On Friday night, I called my kids up to the living room. The only light in the room was candle light. I read some Scripture (John 13) and talked about the night before Jesus was crucified. Yes, I know Friday night isn’t the right night for that, but I had a late meeting on Thursday.
I told my three children about foot washing and what it means to be a servant to others. Then I went around the room and washed all their feet. Then, I washed my wife’s feet. I didn’t expect it, but each of them took turns washing my feet. It was a great experience and opened up some great conversation, at least from my two oldest children.
Then, I read to them about the Lord’s Supper from Matthew 26. We talked about what the Lord’s Supper is and why we have communion each Sunday at church (Acts 20:7). We had grape juice out and some crackers. Some of you might not agree with my next move, but we talked about how communion reminds us of Jesus’ crucifixion and what He did for us. Then we all drank some grape juice and at the crackers. It was a special night and I wanted my kids to understand what communion is and who it is for.
Then, we went into the dining room to have supper. It was a good segway into the next part of our evening. After dinner, we made “empty tomb” cookies. It’s actually amazing how they are hollow inside. If you want the recipe, you’ll have to ask my wife. We made them together and talked about different parts of the Easter story. Smashing up walnuts we talked about how Jesus’ body was broken. Putting some vinegar in the cookies we talked about how Jesus was offered vinegar to drink on the cross. We added salt and talked about the salty taste of tears and the people who were crying when Jesus died. It was really cool. I’m hoping to make stuff like this a Rodda family tradition.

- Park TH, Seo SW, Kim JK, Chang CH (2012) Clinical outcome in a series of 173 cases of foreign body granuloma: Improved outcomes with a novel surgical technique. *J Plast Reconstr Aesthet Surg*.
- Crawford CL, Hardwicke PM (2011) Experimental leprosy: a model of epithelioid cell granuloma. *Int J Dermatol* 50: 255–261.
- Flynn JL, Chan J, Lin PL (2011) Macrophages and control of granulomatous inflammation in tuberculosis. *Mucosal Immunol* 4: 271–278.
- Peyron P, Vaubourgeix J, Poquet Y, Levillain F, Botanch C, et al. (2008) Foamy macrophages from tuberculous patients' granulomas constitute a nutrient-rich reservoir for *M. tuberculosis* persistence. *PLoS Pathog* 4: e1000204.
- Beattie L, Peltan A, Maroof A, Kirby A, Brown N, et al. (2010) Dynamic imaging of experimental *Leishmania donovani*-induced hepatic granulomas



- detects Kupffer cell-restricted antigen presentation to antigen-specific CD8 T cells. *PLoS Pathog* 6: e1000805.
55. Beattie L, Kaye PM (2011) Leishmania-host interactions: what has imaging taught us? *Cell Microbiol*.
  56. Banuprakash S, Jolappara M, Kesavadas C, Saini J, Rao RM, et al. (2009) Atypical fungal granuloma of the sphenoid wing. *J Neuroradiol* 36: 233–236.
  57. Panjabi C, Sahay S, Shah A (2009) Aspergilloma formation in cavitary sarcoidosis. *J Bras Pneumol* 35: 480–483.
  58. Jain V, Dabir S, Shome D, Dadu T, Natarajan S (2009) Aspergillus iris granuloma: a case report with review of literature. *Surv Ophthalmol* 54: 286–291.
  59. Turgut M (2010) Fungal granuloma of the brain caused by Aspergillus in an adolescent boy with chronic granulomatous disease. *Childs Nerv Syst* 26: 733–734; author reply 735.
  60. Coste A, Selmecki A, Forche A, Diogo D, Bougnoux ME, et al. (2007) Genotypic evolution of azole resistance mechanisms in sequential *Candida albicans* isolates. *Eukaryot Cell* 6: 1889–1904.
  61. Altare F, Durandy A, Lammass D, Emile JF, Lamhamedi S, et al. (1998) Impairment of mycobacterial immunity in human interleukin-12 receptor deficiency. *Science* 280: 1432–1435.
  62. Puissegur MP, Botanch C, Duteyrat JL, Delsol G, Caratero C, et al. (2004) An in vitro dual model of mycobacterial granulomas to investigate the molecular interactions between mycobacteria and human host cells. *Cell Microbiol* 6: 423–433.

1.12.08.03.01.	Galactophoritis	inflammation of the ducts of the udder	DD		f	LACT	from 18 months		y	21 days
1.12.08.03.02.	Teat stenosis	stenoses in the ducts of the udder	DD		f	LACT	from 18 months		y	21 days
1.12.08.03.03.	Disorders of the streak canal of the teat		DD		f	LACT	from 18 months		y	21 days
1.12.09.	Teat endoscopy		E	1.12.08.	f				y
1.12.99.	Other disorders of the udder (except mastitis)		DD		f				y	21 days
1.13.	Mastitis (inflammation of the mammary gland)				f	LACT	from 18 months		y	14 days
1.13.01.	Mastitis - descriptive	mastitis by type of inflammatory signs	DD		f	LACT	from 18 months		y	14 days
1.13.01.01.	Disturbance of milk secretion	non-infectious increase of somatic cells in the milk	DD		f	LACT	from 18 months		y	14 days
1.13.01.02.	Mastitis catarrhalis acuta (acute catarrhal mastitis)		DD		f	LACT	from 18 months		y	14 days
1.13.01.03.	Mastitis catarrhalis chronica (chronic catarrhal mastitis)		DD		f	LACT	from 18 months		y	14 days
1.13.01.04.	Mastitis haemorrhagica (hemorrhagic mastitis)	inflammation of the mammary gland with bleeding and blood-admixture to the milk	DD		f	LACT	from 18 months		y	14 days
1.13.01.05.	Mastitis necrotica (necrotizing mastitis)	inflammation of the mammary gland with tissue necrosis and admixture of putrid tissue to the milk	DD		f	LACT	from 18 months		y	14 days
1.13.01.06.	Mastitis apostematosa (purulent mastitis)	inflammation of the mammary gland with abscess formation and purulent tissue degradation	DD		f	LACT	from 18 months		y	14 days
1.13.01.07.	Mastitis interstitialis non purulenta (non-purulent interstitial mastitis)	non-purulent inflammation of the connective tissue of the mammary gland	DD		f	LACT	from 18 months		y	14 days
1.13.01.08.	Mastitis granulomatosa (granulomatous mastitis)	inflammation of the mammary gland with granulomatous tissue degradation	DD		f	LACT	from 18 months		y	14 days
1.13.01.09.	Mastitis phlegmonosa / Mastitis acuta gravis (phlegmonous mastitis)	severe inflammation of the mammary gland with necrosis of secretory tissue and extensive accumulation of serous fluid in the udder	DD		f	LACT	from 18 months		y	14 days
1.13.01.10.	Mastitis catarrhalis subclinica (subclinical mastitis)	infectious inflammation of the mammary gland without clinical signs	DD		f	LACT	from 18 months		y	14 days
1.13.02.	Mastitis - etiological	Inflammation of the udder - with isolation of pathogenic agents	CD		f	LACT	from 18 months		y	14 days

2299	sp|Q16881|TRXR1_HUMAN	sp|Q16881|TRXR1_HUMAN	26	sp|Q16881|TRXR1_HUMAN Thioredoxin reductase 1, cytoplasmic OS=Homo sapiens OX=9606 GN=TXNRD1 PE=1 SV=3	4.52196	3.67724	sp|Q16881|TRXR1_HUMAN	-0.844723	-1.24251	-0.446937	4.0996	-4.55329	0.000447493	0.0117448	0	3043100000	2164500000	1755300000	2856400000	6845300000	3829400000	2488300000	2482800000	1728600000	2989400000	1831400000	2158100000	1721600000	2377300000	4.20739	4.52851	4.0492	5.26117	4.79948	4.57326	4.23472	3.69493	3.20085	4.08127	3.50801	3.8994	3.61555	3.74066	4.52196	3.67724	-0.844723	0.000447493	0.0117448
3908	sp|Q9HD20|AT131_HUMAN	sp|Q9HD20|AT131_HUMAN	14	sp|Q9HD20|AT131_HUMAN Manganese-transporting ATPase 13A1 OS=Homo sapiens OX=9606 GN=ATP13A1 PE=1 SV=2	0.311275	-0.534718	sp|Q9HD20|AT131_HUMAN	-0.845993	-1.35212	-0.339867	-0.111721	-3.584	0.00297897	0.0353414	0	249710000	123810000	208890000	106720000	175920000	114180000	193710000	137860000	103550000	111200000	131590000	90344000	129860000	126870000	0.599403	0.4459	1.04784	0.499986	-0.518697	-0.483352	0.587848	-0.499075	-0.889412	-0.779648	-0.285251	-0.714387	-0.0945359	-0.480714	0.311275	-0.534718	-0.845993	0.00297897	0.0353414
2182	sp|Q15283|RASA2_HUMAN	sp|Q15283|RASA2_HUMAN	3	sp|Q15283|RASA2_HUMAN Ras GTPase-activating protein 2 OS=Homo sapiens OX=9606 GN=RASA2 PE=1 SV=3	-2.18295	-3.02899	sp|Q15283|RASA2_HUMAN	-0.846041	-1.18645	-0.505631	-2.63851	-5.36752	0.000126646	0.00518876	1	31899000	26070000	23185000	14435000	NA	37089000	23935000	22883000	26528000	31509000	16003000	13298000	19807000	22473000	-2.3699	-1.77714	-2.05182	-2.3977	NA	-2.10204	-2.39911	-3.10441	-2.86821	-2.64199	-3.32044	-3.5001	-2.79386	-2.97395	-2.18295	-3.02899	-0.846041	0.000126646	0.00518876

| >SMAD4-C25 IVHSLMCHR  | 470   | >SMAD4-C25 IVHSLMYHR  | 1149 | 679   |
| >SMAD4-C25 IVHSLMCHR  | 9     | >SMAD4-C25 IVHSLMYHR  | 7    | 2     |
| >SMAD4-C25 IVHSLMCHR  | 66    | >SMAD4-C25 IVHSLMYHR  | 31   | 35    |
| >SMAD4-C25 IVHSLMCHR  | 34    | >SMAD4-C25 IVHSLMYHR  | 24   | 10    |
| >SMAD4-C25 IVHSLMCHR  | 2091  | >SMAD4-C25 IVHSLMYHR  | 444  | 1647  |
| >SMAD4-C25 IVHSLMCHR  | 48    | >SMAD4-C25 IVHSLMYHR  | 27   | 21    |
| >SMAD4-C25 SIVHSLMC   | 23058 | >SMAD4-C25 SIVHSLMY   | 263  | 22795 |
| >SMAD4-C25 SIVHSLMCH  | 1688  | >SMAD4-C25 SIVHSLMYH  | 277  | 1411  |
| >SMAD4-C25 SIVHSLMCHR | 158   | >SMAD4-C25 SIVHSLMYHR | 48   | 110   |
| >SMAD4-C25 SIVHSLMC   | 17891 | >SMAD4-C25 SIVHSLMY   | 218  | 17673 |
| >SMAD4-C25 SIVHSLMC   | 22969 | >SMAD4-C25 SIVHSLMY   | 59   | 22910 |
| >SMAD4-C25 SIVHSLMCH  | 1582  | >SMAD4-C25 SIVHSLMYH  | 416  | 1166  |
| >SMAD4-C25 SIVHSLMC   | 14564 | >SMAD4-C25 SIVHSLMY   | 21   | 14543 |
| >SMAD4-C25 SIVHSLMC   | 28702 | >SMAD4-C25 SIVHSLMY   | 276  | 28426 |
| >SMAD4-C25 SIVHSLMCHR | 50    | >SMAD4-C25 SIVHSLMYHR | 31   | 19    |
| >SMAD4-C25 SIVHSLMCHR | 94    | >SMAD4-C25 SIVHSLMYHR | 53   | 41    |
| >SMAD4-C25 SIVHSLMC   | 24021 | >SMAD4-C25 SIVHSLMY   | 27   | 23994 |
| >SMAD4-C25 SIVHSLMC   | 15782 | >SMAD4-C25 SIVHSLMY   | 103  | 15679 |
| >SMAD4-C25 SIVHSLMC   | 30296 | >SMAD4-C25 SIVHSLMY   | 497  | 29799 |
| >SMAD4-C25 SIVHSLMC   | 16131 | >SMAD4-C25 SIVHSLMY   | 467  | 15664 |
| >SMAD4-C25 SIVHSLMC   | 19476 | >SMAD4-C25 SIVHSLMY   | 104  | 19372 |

*On a side note, I even let my oldest son watch a few scenes from The Passion of the Christ. I thought he was old enough to see a pretty accurate image of what the crucifixion was like.
I don’t remember a lot of Easter traditions in my family. We probably had some, I’ve just forgotten (I know, I’m a bad son). I’m looking forward to sharing cool moments like this each Easter with my family. I pray it helps them develop a strong connection with how important Easter is and how it is much more than an Easter bunny and candy.
Does your family have any Easter traditions?
I’d love to hear them.
Please share in the comments.